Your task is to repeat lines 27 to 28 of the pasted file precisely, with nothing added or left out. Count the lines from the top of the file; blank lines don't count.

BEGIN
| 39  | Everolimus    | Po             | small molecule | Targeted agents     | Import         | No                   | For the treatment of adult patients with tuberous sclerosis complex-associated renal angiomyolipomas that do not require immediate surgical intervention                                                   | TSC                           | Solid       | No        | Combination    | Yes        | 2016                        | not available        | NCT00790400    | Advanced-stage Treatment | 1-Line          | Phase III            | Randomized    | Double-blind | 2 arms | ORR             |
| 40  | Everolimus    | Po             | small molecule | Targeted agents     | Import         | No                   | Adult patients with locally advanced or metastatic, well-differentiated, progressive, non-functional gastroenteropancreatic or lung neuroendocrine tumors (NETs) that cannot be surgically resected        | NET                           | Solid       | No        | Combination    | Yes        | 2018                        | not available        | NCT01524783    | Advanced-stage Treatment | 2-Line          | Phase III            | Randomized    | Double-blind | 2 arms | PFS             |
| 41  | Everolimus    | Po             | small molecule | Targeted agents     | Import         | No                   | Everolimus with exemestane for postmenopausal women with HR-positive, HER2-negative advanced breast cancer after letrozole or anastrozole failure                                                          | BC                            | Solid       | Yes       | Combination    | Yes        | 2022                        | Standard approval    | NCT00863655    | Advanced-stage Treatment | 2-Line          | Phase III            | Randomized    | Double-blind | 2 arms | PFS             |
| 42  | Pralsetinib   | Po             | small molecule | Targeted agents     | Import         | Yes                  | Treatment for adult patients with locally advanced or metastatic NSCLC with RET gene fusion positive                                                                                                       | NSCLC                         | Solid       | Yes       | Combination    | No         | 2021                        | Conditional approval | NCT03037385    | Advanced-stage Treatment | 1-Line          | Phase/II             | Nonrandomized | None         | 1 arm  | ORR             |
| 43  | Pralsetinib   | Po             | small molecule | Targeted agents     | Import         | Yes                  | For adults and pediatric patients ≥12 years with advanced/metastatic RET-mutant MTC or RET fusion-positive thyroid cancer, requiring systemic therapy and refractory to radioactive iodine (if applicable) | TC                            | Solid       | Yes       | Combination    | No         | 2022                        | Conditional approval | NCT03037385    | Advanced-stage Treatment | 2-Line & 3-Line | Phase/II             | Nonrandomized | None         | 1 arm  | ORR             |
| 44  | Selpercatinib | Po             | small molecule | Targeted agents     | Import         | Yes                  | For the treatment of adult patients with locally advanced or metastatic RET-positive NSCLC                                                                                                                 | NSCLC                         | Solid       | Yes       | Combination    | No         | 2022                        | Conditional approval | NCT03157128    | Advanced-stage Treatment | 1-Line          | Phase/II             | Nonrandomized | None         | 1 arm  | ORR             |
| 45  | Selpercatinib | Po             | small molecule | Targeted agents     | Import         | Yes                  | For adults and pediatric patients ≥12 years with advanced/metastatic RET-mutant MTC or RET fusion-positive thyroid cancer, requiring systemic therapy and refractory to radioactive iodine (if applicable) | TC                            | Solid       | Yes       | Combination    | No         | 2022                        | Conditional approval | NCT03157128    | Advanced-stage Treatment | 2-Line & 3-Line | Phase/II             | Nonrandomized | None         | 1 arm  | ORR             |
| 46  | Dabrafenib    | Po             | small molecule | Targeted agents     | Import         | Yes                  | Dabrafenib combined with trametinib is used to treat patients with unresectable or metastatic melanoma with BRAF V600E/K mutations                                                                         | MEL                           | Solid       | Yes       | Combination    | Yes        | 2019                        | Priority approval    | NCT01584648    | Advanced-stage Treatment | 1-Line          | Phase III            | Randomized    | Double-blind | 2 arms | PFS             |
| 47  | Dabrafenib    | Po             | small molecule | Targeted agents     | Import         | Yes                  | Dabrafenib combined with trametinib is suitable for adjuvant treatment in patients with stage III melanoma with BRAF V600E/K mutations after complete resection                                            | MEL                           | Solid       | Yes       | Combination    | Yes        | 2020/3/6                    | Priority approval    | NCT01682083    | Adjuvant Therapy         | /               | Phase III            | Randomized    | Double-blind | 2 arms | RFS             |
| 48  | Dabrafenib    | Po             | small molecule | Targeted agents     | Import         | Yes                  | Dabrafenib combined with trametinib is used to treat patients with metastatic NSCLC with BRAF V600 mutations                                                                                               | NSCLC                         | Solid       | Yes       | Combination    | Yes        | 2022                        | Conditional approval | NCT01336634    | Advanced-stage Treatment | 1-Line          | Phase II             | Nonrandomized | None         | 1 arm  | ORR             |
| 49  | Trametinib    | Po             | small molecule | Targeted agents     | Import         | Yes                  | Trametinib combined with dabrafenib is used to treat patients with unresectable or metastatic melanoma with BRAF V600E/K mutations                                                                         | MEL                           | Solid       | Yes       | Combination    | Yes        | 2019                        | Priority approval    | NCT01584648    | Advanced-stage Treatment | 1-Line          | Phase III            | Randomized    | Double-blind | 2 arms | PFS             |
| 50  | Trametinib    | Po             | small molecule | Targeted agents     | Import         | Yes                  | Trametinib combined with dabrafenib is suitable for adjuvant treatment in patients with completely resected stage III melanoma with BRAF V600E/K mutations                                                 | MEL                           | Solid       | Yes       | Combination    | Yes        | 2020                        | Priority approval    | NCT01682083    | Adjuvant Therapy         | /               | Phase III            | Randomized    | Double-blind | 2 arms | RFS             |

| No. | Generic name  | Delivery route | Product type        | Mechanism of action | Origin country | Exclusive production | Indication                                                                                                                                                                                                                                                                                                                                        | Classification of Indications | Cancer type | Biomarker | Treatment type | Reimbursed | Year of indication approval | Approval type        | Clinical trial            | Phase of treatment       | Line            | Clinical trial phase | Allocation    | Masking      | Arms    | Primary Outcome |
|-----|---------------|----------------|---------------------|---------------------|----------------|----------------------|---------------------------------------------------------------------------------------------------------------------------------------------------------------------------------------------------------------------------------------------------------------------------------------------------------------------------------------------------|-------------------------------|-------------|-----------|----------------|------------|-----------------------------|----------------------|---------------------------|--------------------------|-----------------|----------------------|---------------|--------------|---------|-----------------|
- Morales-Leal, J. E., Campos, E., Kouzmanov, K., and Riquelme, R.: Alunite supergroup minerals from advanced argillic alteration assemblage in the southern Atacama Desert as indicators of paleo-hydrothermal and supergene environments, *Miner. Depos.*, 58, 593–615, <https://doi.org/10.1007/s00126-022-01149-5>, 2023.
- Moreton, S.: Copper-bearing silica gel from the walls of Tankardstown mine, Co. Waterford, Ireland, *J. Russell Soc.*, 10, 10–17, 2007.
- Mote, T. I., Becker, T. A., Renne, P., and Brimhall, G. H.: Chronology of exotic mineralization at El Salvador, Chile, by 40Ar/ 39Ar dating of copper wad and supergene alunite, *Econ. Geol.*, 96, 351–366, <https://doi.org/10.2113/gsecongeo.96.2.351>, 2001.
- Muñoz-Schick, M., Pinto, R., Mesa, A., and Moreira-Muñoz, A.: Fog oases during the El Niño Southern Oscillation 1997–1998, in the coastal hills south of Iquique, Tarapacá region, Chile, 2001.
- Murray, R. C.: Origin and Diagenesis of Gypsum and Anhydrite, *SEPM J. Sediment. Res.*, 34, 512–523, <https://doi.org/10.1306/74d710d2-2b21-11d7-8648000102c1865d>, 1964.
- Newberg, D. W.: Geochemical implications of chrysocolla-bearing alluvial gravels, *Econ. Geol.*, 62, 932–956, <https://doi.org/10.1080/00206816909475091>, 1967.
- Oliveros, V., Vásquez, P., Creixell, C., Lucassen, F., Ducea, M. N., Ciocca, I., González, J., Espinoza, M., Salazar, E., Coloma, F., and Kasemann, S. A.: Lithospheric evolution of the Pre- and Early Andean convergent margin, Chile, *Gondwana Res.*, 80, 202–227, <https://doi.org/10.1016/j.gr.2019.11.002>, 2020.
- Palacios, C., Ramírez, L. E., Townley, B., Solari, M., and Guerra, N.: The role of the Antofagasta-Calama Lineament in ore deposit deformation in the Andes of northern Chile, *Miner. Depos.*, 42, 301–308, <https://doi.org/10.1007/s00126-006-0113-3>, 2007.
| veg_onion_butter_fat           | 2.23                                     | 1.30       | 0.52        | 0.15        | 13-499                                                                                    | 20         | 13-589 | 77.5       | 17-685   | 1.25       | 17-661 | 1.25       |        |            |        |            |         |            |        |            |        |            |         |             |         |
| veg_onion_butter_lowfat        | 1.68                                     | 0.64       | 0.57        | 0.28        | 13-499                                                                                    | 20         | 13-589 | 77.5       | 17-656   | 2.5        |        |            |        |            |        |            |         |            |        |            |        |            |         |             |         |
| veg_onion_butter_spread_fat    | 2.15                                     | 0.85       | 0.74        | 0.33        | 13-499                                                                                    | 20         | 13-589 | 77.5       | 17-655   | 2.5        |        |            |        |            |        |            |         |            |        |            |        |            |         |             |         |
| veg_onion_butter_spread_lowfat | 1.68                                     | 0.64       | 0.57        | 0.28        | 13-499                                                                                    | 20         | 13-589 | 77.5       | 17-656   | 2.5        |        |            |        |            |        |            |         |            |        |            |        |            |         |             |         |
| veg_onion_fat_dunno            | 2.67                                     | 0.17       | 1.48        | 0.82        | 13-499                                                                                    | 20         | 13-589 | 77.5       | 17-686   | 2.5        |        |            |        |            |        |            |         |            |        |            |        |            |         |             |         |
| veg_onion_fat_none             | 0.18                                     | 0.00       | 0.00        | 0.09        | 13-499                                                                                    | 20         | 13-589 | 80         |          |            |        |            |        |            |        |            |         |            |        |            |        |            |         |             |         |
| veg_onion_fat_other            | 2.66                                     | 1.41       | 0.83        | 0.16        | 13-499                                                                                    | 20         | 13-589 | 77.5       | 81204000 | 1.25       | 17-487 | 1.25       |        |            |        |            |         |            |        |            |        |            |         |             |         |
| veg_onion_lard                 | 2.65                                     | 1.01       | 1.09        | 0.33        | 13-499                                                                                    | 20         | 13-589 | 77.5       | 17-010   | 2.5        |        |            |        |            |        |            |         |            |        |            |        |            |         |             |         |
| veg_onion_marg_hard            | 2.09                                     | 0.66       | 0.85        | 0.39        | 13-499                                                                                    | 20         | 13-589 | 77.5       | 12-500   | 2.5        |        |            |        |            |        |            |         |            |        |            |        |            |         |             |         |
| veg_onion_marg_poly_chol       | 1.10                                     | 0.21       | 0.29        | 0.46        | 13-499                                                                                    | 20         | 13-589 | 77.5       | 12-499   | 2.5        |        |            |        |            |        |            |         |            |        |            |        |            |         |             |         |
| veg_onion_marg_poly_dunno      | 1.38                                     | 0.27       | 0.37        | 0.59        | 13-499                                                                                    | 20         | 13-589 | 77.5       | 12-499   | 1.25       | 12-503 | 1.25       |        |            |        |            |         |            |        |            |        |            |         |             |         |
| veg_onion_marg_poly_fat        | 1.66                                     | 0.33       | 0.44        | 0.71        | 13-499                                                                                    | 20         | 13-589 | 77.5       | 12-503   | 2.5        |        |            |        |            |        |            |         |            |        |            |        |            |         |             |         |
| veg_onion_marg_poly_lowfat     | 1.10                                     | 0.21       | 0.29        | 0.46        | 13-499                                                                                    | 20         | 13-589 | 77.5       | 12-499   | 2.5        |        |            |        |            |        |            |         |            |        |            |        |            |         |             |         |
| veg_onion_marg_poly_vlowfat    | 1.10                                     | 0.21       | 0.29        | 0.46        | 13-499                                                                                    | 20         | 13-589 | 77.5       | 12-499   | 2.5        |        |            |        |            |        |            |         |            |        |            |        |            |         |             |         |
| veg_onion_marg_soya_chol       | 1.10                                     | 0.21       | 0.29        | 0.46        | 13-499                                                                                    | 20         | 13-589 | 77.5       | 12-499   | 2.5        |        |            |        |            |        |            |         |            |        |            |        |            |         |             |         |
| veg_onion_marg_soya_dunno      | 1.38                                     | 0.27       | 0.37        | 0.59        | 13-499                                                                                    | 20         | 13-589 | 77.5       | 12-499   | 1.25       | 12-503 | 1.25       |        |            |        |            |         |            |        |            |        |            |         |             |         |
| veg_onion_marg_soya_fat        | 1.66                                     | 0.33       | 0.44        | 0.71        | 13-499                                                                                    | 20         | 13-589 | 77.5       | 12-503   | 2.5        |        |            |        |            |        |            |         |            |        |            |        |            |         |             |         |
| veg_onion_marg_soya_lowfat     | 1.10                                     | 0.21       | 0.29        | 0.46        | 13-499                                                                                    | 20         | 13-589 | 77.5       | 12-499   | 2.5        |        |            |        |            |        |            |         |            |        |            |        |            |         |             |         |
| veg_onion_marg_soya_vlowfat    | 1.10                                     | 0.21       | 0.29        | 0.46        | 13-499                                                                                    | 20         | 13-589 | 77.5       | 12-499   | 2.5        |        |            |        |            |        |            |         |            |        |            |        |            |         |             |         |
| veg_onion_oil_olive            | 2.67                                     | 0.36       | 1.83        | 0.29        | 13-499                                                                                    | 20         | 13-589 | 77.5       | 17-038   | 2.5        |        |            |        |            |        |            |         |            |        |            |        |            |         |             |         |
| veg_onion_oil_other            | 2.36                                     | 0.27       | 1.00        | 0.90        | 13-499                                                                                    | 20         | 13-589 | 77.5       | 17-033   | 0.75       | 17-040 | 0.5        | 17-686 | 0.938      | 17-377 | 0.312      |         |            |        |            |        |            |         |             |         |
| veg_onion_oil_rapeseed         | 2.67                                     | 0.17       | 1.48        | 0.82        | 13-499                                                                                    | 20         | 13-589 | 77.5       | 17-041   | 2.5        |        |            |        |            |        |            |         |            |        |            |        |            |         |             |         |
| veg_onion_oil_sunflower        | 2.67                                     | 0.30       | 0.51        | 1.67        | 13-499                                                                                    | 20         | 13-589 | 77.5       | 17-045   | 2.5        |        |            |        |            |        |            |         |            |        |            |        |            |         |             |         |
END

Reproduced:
| veg_onion_fat_dunno            | 2.67                                     | 0.17       | 1.48        | 0.82        | 13-499                                                                                    | 20         | 13-589 | 77.5       | 17-686   | 2.5        |        |            |        |            |        |            |         |            |        |            |        |            |         |             |         |
| veg_onion_fat_none             | 0.18                                     | 0.00       | 0.00        | 0.09        | 13-499                                                                                    | 20         | 13-589 | 80         |          |            |        |            |        |            |        |            |         |            |        |            |        |            |         |             |         |